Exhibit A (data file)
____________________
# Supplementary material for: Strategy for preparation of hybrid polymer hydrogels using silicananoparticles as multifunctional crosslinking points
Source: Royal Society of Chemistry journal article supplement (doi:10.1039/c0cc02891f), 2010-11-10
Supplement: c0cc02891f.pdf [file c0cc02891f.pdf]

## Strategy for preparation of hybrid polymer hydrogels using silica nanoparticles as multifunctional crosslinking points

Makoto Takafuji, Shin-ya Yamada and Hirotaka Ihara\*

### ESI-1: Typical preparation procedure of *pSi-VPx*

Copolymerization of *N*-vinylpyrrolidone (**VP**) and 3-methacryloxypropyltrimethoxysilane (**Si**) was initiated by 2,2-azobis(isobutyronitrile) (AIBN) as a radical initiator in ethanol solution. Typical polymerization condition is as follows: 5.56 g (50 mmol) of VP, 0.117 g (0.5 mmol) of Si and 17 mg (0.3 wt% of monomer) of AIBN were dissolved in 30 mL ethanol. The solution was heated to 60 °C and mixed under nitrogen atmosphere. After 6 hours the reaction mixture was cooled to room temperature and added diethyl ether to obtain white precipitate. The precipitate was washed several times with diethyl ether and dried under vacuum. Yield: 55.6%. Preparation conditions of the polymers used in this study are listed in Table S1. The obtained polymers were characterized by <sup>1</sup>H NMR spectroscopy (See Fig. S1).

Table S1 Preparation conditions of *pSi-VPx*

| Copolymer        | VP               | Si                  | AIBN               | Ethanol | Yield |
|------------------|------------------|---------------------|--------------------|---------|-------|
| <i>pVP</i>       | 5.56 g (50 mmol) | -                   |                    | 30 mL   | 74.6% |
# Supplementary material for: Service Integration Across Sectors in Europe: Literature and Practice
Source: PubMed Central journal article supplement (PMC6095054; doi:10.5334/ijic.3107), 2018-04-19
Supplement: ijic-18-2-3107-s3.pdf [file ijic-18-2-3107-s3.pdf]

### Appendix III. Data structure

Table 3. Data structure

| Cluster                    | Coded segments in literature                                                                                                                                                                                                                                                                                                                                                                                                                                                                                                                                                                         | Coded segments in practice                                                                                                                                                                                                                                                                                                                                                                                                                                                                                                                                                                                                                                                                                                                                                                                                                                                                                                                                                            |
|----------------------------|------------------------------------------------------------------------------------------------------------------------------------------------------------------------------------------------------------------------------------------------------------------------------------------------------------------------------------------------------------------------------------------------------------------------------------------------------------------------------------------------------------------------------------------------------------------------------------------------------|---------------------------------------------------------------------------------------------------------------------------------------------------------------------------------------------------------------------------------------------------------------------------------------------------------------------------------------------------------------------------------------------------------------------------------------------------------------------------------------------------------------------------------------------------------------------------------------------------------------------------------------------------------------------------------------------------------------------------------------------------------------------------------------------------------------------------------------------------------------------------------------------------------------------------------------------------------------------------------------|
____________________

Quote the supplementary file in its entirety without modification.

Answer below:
# Supplementary material for: Strategy for preparation of hybrid polymer hydrogels using silicananoparticles as multifunctional crosslinking points
Source: Royal Society of Chemistry journal article supplement (doi:10.1039/c0cc02891f), 2010-11-10
Supplement: c0cc02891f.pdf [file c0cc02891f.pdf]

## Strategy for preparation of hybrid polymer hydrogels using silica nanoparticles as multifunctional crosslinking points

Makoto Takafuji, Shin-ya Yamada and Hirotaka Ihara\*

### ESI-1: Typical preparation procedure of *pSi-VPx*

Copolymerization of *N*-vinylpyrrolidone (**VP**) and 3-methacryloxypropyltrimethoxysilane (**Si**) was initiated by 2,2-azobis(isobutyronitrile) (AIBN) as a radical initiator in ethanol solution. Typical polymerization condition is as follows: 5.56 g (50 mmol) of VP, 0.117 g (0.5 mmol) of Si and 17 mg (0.3 wt% of monomer) of AIBN were dissolved in 30 mL ethanol. The solution was heated to 60 °C and mixed under nitrogen atmosphere. After 6 hours the reaction mixture was cooled to room temperature and added diethyl ether to obtain white precipitate. The precipitate was washed several times with diethyl ether and dried under vacuum. Yield: 55.6%. Preparation conditions of the polymers used in this study are listed in Table S1. The obtained polymers were characterized by <sup>1</sup>H NMR spectroscopy (See Fig. S1).

Table S1 Preparation conditions of *pSi-VPx*

| Copolymer        | VP               | Si                  | AIBN               | Ethanol | Yield |
|------------------|------------------|---------------------|--------------------|---------|-------|
| <i>pVP</i>       | 5.56 g (50 mmol) | -                   |                    | 30 mL   | 74.6% |
# Supplementary material for: Service Integration Across Sectors in Europe: Literature and Practice
Source: PubMed Central journal article supplement (PMC6095054; doi:10.5334/ijic.3107), 2018-04-19
Supplement: ijic-18-2-3107-s3.pdf [file ijic-18-2-3107-s3.pdf]

### Appendix III. Data structure

Table 3. Data structure

| Cluster                    | Coded segments in literature                                                                                                                                                                                                                                                                                                                                                                                                                                                                                                                                                                         | Coded segments in practice                                                                                                                                                                                                                                                                                                                                                                                                                                                                                                                                                                                                                                                                                                                                                                                                                                                                                                                                                            |
|----------------------------|------------------------------------------------------------------------------------------------------------------------------------------------------------------------------------------------------------------------------------------------------------------------------------------------------------------------------------------------------------------------------------------------------------------------------------------------------------------------------------------------------------------------------------------------------------------------------------------------------|---------------------------------------------------------------------------------------------------------------------------------------------------------------------------------------------------------------------------------------------------------------------------------------------------------------------------------------------------------------------------------------------------------------------------------------------------------------------------------------------------------------------------------------------------------------------------------------------------------------------------------------------------------------------------------------------------------------------------------------------------------------------------------------------------------------------------------------------------------------------------------------------------------------------------------------------------------------------------------------|